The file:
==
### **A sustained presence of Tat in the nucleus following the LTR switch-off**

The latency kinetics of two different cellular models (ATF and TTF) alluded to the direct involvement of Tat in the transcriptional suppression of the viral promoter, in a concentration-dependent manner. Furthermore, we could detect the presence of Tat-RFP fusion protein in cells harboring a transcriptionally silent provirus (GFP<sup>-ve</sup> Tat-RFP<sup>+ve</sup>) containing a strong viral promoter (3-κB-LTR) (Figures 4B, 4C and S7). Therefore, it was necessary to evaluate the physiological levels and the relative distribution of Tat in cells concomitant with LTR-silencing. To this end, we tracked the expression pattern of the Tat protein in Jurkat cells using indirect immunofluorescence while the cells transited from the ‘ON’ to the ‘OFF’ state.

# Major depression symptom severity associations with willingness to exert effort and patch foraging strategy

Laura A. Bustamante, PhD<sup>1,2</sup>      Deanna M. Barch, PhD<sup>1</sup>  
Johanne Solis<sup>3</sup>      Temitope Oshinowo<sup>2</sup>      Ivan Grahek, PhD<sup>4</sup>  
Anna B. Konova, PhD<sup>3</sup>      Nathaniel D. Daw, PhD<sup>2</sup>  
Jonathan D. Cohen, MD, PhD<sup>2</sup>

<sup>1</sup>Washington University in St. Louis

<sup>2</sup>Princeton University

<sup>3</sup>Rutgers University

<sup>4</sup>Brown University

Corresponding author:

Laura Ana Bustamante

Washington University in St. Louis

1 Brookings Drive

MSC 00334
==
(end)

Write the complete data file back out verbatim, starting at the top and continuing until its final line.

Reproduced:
### **A sustained presence of Tat in the nucleus following the LTR switch-off**

The latency kinetics of two different cellular models (ATF and TTF) alluded to the direct involvement of Tat in the transcriptional suppression of the viral promoter, in a concentration-dependent manner. Furthermore, we could detect the presence of Tat-RFP fusion protein in cells harboring a transcriptionally silent provirus (GFP<sup>-ve</sup> Tat-RFP<sup>+ve</sup>) containing a strong viral promoter (3-κB-LTR) (Figures 4B, 4C and S7). Therefore, it was necessary to evaluate the physiological levels and the relative distribution of Tat in cells concomitant with LTR-silencing. To this end, we tracked the expression pattern of the Tat protein in Jurkat cells using indirect immunofluorescence while the cells transited from the ‘ON’ to the ‘OFF’ state.

# Major depression symptom severity associations with willingness to exert effort and patch foraging strategy

Laura A. Bustamante, PhD<sup>1,2</sup>      Deanna M. Barch, PhD<sup>1</sup>  
Johanne Solis<sup>3</sup>      Temitope Oshinowo<sup>2</sup>      Ivan Grahek, PhD<sup>4</sup>  
Anna B. Konova, PhD<sup>3</sup>      Nathaniel D. Daw, PhD<sup>2</sup>  
Jonathan D. Cohen, MD, PhD<sup>2</sup>

<sup>1</sup>Washington University in St. Louis

<sup>2</sup>Princeton University

<sup>3</sup>Rutgers University

<sup>4</sup>Brown University

Corresponding author:

Laura Ana Bustamante

Washington University in St. Louis

1 Brookings Drive

MSC 00334